“I’ve never experienced any interest group being completely satisfied with the actions of any government.”

Report an error Editorial code of conduct
Due to technical reasons, we have temporarily removed commenting from our articles. We hope to have this fixed soon. Thank you for your patience. If you are looking to give feedback on our new site, please send it along to feedback@globeandmail.com. If you want to write a letter to the editor, please forward to letters@globeandmail.com.

Welcome to The Globe and Mail’s comment community. This is a space where subscribers can engage with each other and Globe staff. Non-subscribers can read and sort comments but will not be able to engage with them in any way. Click here to subscribe.

If you would like to write a letter to the editor, please forward it to letters@globeandmail.com. Readers can also interact with The Globe on Facebook and Twitter .

Welcome to The Globe and Mail’s comment community. This is a space where subscribers can engage with each other and Globe staff. Non-subscribers can read and sort comments but will not be able to engage with them in any way. Click here to subscribe.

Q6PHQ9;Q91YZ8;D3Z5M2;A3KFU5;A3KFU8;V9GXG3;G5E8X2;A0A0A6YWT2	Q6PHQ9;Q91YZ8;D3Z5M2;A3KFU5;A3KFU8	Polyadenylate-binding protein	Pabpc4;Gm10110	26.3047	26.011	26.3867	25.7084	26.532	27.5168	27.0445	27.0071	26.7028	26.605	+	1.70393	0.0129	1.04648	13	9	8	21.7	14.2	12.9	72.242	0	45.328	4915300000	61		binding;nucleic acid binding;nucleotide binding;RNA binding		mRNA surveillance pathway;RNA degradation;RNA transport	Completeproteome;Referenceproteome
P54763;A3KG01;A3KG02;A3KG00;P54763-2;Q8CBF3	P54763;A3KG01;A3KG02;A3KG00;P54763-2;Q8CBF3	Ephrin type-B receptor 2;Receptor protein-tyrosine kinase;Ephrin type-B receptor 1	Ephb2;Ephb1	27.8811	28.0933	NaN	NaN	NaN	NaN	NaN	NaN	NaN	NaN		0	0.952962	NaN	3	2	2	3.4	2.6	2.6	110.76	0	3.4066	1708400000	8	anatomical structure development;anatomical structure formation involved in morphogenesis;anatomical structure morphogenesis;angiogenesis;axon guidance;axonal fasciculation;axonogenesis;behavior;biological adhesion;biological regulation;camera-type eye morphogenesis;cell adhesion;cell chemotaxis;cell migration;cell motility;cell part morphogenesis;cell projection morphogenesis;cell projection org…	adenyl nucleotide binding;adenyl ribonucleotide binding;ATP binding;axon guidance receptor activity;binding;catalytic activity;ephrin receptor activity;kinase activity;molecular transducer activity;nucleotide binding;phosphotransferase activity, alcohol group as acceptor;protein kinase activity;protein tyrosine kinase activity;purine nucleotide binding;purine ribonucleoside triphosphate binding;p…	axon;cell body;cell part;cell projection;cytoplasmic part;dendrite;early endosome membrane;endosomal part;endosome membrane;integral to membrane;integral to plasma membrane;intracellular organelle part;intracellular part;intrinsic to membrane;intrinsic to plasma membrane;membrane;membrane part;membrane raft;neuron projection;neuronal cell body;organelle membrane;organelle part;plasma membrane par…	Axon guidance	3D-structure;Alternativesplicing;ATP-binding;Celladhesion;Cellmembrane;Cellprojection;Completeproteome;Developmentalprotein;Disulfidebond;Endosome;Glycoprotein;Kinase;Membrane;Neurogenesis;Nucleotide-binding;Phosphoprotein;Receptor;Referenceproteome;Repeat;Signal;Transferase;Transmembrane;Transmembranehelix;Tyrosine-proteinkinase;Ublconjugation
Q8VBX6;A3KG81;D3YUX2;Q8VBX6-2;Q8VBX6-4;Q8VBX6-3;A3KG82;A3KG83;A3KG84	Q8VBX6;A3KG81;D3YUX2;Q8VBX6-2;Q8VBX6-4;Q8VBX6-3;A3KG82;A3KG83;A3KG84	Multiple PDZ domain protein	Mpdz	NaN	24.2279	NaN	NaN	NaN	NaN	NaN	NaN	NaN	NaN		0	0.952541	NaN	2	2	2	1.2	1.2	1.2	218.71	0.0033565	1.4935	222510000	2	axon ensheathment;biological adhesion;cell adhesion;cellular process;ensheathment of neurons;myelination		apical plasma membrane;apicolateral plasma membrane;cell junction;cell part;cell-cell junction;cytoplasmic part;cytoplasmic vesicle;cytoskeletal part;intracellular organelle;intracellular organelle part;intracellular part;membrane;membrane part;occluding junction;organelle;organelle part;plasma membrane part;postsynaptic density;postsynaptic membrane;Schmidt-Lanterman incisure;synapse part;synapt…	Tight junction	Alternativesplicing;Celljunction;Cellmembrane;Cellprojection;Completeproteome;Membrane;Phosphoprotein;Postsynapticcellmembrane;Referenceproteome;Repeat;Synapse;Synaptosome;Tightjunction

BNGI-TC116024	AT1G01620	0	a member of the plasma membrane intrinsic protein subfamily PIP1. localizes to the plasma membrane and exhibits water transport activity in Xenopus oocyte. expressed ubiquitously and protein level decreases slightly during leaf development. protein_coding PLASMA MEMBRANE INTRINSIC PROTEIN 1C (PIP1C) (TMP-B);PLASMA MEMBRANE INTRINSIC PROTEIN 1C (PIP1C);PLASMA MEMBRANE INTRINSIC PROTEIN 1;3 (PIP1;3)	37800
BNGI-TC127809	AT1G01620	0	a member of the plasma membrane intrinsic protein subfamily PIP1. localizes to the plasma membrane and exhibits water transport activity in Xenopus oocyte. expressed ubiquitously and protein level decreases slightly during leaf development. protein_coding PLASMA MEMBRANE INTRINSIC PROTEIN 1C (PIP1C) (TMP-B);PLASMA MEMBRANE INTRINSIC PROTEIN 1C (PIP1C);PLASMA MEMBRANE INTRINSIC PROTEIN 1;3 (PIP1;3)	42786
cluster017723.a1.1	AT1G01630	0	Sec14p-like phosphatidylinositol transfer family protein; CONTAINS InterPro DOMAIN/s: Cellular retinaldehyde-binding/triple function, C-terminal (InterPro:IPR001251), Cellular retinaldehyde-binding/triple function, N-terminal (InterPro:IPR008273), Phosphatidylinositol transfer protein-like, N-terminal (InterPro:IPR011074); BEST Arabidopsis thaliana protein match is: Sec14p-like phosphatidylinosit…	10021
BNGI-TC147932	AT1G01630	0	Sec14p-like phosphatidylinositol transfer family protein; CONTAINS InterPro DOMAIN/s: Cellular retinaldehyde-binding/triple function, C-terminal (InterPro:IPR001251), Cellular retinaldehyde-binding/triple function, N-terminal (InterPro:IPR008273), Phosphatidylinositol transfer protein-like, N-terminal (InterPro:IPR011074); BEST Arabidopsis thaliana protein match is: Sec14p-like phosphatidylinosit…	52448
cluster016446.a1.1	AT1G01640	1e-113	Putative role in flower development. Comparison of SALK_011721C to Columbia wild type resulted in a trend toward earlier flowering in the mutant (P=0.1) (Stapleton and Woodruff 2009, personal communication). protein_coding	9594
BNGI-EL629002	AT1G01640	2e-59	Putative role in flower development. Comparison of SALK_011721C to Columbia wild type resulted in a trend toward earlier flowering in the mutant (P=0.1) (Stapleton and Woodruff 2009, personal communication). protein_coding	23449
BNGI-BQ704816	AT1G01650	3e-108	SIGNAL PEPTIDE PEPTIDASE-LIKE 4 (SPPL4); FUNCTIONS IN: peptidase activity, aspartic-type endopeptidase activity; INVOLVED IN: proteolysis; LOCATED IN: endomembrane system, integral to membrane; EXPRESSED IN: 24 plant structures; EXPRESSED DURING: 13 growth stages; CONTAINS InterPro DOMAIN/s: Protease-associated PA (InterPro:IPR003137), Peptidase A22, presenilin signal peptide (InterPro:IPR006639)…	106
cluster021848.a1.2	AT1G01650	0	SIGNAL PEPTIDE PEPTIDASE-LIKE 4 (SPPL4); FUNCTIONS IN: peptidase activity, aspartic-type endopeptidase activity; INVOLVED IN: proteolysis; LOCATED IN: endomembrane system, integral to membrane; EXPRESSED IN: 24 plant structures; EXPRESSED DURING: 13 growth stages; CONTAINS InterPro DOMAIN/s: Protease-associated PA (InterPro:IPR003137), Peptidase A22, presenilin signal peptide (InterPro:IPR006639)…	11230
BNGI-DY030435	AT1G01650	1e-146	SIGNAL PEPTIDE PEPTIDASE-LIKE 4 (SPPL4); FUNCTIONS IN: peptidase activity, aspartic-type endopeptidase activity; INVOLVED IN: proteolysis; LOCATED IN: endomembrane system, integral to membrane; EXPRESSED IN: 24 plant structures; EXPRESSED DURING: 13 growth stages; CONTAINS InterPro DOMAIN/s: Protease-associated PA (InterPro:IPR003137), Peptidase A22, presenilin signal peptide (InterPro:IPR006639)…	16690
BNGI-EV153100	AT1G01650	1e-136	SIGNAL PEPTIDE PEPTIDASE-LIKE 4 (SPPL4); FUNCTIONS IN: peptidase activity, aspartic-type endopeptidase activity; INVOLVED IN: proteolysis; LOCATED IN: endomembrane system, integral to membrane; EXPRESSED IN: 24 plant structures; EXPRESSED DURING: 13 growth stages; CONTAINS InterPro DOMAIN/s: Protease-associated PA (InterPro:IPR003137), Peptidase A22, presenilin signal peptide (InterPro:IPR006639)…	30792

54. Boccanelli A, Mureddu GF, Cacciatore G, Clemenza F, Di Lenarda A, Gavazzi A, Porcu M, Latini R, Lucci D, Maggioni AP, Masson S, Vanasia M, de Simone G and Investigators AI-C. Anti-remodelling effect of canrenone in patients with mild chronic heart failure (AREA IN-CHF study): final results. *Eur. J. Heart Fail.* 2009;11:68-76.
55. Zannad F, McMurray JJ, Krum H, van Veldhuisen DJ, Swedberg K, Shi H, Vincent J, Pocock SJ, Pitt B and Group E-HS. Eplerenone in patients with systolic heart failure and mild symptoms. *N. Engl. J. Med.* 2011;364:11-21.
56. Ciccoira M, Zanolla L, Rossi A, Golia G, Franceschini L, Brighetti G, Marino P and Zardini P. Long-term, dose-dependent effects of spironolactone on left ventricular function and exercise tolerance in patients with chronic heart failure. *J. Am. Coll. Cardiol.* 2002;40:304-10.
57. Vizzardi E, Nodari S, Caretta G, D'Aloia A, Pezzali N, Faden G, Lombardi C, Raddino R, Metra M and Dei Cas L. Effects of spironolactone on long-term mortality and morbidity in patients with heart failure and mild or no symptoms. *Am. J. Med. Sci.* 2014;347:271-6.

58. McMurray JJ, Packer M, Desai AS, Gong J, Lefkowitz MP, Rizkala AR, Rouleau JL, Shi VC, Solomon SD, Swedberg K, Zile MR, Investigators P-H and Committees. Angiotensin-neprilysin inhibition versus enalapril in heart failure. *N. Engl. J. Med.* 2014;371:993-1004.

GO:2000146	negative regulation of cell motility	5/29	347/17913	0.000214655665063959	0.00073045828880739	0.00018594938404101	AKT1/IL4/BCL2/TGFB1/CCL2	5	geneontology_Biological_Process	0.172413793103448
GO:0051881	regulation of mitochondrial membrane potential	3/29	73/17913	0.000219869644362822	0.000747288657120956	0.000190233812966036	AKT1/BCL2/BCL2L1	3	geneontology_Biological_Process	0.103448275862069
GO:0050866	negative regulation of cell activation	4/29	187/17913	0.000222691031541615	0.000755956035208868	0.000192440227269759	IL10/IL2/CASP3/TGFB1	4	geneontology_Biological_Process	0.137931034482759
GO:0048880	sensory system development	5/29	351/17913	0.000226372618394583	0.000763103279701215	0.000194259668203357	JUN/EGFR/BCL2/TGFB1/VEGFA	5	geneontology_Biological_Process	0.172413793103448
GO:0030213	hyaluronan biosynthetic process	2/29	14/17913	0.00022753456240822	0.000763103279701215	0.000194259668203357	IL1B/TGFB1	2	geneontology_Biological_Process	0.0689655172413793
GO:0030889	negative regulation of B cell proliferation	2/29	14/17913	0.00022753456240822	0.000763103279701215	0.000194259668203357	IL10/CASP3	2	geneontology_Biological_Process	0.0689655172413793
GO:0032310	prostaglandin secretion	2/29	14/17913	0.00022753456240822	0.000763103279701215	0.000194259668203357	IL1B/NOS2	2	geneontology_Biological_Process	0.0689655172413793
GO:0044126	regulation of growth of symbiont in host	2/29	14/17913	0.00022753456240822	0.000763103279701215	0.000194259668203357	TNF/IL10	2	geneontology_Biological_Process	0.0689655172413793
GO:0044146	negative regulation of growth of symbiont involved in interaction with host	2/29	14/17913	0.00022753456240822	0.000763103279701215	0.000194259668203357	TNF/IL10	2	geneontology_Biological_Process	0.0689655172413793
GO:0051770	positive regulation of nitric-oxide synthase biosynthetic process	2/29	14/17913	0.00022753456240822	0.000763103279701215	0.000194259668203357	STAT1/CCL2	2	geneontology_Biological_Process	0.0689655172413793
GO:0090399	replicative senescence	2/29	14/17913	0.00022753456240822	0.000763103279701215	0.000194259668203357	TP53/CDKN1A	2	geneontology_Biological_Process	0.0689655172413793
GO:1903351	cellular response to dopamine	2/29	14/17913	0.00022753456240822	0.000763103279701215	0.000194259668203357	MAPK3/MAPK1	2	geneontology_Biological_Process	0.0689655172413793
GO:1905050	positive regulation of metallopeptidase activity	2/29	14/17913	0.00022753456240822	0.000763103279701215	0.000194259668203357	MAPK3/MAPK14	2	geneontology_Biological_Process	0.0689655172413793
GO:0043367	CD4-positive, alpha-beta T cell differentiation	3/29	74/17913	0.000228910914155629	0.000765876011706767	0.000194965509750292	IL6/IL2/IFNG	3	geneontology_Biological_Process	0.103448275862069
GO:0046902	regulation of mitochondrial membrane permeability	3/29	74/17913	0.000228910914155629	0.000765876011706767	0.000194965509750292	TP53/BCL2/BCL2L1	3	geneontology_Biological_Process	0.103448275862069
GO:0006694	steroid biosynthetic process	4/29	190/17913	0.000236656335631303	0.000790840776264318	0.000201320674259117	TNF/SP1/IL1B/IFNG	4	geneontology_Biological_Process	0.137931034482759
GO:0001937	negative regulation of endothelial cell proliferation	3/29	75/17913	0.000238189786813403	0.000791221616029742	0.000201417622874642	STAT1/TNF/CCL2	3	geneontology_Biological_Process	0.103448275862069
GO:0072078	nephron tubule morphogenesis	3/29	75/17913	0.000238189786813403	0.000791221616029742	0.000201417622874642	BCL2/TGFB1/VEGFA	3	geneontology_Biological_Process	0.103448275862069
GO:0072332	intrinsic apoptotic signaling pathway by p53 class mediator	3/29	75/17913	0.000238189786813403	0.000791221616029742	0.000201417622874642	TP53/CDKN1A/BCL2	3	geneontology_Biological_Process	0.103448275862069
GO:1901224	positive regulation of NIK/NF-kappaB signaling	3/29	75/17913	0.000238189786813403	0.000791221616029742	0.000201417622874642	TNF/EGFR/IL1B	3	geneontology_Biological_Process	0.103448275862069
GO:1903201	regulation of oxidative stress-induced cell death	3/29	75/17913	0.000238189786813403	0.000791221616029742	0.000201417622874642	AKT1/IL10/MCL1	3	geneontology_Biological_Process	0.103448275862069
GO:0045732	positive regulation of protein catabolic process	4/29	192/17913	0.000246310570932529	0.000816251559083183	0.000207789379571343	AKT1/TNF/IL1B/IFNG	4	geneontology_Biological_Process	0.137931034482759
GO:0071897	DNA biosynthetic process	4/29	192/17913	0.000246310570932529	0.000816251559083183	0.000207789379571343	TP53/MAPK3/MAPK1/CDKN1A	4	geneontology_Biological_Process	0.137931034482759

If you would like to write a letter to the editor, please forward it to letters@globeandmail.com. Readers can also interact with The Globe on Facebook and Twitter .

Welcome to The Globe and Mail’s comment community. This is a space where subscribers can engage with each other and Globe staff.

We aim to create a safe and valuable space for discussion and debate. That means:

  • Treat others as you wish to be treated
  • Criticize ideas, not people
  • Stay on topic
  • Avoid the use of toxic and offensive language
  • Flag bad behaviour

Comments that violate our community guidelines will be removed.

Read our community guidelines here

Discussion loading ...

Cannabis pro newsletter